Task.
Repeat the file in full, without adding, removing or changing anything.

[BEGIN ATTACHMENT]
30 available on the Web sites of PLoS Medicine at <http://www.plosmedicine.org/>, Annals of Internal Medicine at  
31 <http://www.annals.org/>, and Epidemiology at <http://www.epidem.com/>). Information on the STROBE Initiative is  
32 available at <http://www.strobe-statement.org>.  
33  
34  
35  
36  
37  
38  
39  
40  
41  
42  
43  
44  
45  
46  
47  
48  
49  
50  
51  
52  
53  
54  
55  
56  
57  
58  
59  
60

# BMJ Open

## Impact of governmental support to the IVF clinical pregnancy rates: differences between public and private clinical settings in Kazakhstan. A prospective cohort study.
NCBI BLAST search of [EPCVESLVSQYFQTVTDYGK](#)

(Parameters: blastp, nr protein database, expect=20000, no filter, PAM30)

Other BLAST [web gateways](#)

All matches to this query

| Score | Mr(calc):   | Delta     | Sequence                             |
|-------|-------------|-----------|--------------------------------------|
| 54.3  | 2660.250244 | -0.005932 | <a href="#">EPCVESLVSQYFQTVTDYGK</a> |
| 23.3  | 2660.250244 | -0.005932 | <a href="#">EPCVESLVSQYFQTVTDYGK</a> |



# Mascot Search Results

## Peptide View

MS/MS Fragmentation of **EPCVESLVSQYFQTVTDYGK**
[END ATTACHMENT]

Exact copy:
30 available on the Web sites of PLoS Medicine at <http://www.plosmedicine.org/>, Annals of Internal Medicine at  
31 <http://www.annals.org/>, and Epidemiology at <http://www.epidem.com/>). Information on the STROBE Initiative is  
32 available at <http://www.strobe-statement.org>.  
33  
34  
35  
36  
37  
38  
39  
40  
41  
42  
43  
44  
45  
46  
47  
48  
49  
50  
51  
52  
53  
54  
55  
56  
57  
58  
59  
60

# BMJ Open

## Impact of governmental support to the IVF clinical pregnancy rates: differences between public and private clinical settings in Kazakhstan. A prospective cohort study.
NCBI BLAST search of [EPCVESLVSQYFQTVTDYGK](#)

(Parameters: blastp, nr protein database, expect=20000, no filter, PAM30)

Other BLAST [web gateways](#)

All matches to this query

| Score | Mr(calc):   | Delta     | Sequence                             |
|-------|-------------|-----------|--------------------------------------|
| 54.3  | 2660.250244 | -0.005932 | <a href="#">EPCVESLVSQYFQTVTDYGK</a> |
| 23.3  | 2660.250244 | -0.005932 | <a href="#">EPCVESLVSQYFQTVTDYGK</a> |



# Mascot Search Results

## Peptide View

MS/MS Fragmentation of **EPCVESLVSQYFQTVTDYGK**